Three Value Plays from a Country You’ll Never Guess

International Investing

Everyone loves to play the prediction game.

I like to play what is cheap, especially when looking at the world markets. Cheap markets tend to bounce and recover, especially if there is rule of law and a government that does not despise free markets and capitalism.

Most of the countries that are cheap are going to be ugly. We are talking dictators, excessive fossil fuel usage, occasional violence, a cavalier attitude toward the well-being of the population, and—often—an intense dislike for the United States.

Ugly, but potentially very profitable. Today I have three plays like this for you, from a country you’ll never guess…

A strong, triumphant bull atop a pile of coins, signifying an optimistic or bullish foreign currency (forex) market.

Turkey is currently the cheapest market that can be traded easily via exchange-traded funds. The iShares Turkey ETF trades with the symbol EUR. It is not as heavily traded as the SPY, but it will do just fine for our purposes.

Most of the countries that are cheap are going to be ugly. We are talking dictators, excessive fossil fuel usage, occasional violence, a cavalier attitude toward the well-being of the population, and—often—an intense dislike for the United States.

Turkey was once a good friend of the United States; however, that is not exactly the case today.

The country still a member of NATO but its government is not a huge fan of our politics in the Middle East. It does not help that we are on opposite sides of the conflict in Syria and recently accidentally shot down a Turkish drone. And Turkey’s president, Recep Tayyip Erdoğan, has blamed the United States for interfering in the conflict between Israel and Hamas and somehow preventing a ceasefire, which is not helping relations, either.

The Turkish economy is a bit of a mess. The country’s central bank recently upped interest rates to over 40% to fight inflation.

Turkish Central Bank Governor Hafize Gaye Erkan did tell investors in New York last week that the country was near the end of the tightening cycle. In the global market’s edition of a corporate roadshow, Turkey hosted an investor event at JP Morgan Headquarters in New York City to convince international investors that their nation was on the right track and they should consider returning to the market.

The Turkish markets trade with a price-to-earnings ratio of 5, so they may have a point. The 10-year average P/E ratio of Turkish markets is 13, so a rally back to normal would involve the market almost tripling from current levels.

It is worth noting that Monish Pabrai, a noted value investor with a reputation for making large concentrated bets on undervalued stocks, has been buying Turkish companies. A little light sleuthing turned up a few that can be purchased here in the United States without capturing the attention of federal officials.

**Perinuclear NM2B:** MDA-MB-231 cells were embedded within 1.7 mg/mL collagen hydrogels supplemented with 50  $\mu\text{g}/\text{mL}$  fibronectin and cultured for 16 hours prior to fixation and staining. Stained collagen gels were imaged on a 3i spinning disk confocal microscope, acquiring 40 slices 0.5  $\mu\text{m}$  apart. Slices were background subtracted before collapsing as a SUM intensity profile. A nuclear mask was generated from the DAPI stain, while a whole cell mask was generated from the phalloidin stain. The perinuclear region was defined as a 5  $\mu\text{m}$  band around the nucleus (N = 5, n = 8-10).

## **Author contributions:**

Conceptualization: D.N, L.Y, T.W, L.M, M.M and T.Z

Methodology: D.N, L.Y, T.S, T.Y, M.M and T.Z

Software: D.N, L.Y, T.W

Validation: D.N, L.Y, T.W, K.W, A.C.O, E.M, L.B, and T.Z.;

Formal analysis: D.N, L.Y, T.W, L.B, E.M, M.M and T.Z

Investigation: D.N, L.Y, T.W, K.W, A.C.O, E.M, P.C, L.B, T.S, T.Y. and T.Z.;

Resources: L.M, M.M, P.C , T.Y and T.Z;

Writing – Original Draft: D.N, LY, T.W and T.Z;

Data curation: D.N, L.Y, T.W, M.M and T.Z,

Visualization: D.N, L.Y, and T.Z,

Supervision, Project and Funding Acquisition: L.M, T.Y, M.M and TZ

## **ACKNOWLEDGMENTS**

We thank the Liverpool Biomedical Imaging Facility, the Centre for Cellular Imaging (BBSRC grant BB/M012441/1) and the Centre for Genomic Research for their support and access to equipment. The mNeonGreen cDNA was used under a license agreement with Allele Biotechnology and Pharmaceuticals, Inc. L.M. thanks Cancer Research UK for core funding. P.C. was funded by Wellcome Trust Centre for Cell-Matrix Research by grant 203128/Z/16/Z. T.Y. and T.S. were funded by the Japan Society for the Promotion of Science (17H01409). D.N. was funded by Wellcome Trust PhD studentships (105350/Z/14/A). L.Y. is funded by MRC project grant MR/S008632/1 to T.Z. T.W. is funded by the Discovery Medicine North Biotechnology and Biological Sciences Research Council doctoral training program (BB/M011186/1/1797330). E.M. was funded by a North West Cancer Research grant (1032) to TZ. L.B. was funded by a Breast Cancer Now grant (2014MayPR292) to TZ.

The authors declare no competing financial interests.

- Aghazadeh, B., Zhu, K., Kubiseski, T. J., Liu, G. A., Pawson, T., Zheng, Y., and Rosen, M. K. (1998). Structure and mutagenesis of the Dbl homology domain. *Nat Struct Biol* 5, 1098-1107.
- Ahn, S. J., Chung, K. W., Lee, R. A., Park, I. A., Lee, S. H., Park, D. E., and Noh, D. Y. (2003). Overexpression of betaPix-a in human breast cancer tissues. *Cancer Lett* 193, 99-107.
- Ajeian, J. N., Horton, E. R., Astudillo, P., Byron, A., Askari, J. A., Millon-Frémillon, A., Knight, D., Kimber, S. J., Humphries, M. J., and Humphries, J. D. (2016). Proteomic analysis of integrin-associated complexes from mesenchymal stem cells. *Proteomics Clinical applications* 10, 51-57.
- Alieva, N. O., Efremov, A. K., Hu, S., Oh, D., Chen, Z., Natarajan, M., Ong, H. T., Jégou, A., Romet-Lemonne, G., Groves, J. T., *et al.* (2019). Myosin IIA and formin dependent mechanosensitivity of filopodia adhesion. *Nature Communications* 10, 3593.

The first is a company where Pabrai is the largest shareholder and has already seen a massive return on his investment: Reysas Lojistik (RYSKF), which owns warehouses and transportation assets in Turkey, as well as auto carriers, railroad containers, Petroleum and LNG trucks, and import/export services. The stock currently trades for just nine times earnings. According to comments Pabrai made late last year, the company trades for far less than the liquidation.

Pabrai also owns TAV Havalimanlari Holding A.S. (TAVHY), which builds and manages airport terminals. HAV currently operates terminals in Turkey, Kazakhstan, Georgia, Qatar, Macedonia, Macedonia, Latvia, Croatia, Tunisia, Oman, Saudi Arabia, and Spain. The stock is trading for just eight times earnings and should have solid long-term growth.

Neither of these are extremely liquid, so use limit orders and only buy them if you do not feel the need for instant liquidity.

The other go-to plays in emerging markets have always been the breweries and Coca-Cola bottlers. Anadolu Efes Biracilik ve Malt Sanayii Anonim Sirketi (AEBZY), which has breweries in Turkey and breweries and Coca-Cola bottling facilities in several emerging markets, does both.

Turkish stocks are not for everyone. Turkey has a strongman president who does not necessarily like the United States very much. It borders Syria, which seems to be perpetually at war. Inflation has proven to be very difficult to tame. Interest rates are among the highest in the world. The markets are volatile and illiquid.

To some, that is a reason to stay away.

To me, it is a call to arms.

A small position in Turkish markets could easily triple over the next few years.

Last week’s trip to New York was an admission by the Turkish government that they need Western investment and will take steps to convince investors to return to Turkish markets. These steps should help the economy be less volatile and dramatically increase the markets over time.

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